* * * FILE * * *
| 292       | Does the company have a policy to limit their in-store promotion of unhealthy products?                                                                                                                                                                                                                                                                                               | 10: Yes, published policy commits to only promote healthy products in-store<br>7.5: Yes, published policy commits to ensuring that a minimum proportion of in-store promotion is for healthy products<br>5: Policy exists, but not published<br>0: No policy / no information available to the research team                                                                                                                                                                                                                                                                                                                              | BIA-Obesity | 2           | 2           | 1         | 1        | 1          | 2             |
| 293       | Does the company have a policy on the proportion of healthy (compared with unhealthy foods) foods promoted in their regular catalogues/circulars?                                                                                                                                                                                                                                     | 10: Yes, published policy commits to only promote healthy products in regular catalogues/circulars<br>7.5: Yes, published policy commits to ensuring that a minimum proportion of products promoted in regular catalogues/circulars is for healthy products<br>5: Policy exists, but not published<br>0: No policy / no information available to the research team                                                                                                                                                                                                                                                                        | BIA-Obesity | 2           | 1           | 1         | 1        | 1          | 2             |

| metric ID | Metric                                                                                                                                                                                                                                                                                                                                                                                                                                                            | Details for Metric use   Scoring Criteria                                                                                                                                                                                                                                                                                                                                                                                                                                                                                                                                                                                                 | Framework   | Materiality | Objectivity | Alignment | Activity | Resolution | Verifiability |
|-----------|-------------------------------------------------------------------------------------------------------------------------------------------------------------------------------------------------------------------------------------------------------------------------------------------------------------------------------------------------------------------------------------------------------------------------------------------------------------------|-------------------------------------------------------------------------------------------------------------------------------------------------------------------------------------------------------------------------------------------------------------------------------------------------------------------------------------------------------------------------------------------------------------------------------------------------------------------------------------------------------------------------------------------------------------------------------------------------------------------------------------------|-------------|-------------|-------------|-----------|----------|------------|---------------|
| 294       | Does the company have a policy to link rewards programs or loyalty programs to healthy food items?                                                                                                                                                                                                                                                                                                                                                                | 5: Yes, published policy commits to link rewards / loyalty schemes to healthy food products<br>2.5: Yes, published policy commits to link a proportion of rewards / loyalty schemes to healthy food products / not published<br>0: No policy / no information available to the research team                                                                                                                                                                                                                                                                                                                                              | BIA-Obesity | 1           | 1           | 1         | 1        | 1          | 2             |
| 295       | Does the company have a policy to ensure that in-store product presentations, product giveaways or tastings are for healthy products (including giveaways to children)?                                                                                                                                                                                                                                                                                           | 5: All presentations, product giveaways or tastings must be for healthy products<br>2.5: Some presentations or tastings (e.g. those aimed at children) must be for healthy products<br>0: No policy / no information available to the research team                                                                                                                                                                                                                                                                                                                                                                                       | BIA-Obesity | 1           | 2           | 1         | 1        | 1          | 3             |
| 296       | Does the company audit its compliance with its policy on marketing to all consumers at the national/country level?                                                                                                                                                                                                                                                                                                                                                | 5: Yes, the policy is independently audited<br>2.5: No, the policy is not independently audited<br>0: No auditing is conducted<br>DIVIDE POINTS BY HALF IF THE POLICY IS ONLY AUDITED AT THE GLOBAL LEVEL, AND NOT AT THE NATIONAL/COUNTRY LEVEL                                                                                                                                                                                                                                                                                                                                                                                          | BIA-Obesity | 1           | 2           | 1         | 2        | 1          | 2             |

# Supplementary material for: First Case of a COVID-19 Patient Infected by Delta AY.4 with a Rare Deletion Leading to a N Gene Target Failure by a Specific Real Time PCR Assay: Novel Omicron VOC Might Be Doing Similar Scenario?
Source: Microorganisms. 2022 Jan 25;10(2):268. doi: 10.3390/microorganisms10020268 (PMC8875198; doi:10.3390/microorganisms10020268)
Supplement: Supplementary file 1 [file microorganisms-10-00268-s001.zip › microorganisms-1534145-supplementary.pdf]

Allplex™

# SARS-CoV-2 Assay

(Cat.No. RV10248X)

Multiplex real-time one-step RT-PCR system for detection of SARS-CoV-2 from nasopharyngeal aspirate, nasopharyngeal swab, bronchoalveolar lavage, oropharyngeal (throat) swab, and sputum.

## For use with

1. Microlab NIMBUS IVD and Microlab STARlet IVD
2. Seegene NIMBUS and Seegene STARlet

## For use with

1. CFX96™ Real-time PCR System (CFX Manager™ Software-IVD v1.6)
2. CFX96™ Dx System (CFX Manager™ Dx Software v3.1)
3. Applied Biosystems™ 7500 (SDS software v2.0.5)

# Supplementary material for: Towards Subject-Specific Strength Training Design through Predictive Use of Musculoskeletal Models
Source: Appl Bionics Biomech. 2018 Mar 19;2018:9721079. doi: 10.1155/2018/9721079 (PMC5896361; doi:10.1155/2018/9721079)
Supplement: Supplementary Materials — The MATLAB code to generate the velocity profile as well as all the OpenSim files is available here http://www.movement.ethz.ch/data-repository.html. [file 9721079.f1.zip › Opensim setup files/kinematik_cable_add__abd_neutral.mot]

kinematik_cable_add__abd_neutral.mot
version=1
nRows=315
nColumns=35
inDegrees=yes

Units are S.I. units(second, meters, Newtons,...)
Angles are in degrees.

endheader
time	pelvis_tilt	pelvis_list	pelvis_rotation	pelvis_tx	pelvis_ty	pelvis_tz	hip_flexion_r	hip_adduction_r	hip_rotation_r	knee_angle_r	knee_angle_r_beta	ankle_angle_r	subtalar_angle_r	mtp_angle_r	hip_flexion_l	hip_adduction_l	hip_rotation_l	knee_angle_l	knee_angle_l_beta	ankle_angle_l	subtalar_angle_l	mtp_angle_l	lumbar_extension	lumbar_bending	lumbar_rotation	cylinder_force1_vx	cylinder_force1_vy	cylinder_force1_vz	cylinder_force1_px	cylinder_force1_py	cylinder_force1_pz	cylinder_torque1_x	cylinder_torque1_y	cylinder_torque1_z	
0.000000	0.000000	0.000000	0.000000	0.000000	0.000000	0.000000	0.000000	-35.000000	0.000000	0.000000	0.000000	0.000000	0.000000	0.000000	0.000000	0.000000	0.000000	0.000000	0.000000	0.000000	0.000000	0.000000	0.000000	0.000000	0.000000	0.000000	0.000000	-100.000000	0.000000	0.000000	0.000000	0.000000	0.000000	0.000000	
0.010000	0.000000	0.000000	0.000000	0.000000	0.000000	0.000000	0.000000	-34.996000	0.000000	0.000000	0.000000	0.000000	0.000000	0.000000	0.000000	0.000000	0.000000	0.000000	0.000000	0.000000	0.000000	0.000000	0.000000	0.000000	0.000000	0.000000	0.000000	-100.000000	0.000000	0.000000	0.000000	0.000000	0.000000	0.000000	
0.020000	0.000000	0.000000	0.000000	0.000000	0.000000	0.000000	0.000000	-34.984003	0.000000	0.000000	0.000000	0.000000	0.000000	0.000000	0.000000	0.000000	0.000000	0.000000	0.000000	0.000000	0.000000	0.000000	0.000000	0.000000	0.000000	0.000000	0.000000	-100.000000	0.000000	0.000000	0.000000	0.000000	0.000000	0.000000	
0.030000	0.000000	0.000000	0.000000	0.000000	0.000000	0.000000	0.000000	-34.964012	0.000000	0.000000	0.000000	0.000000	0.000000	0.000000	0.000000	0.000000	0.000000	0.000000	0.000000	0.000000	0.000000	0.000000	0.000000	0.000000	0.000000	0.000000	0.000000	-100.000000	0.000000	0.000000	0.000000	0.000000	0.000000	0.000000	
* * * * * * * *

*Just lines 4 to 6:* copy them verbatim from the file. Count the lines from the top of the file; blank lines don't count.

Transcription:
|-----------|-------------------------------------------------------------------------------------------------------------------------------------------------------------------------------------------------------------------------------------------------------------------------------------------------------------------------------------------------------------------------------------------------------------------------------------------------------------------|-------------------------------------------------------------------------------------------------------------------------------------------------------------------------------------------------------------------------------------------------------------------------------------------------------------------------------------------------------------------------------------------------------------------------------------------------------------------------------------------------------------------------------------------------------------------------------------------------------------------------------------------|-------------|-------------|-------------|-----------|----------|------------|---------------|
| 294       | Does the company have a policy to link rewards programs or loyalty programs to healthy food items?                                                                                                                                                                                                                                                                                                                                                                | 5: Yes, published policy commits to link rewards / loyalty schemes to healthy food products<br>2.5: Yes, published policy commits to link a proportion of rewards / loyalty schemes to healthy food products / not published<br>0: No policy / no information available to the research team                                                                                                                                                                                                                                                                                                                                              | BIA-Obesity | 1           | 1           | 1         | 1        | 1          | 2             |
| 295       | Does the company have a policy to ensure that in-store product presentations, product giveaways or tastings are for healthy products (including giveaways to children)?                                                                                                                                                                                                                                                                                           | 5: All presentations, product giveaways or tastings must be for healthy products<br>2.5: Some presentations or tastings (e.g. those aimed at children) must be for healthy products<br>0: No policy / no information available to the research team                                                                                                                                                                                                                                                                                                                                                                                       | BIA-Obesity | 1           | 2           | 1         | 1        | 1          | 3             |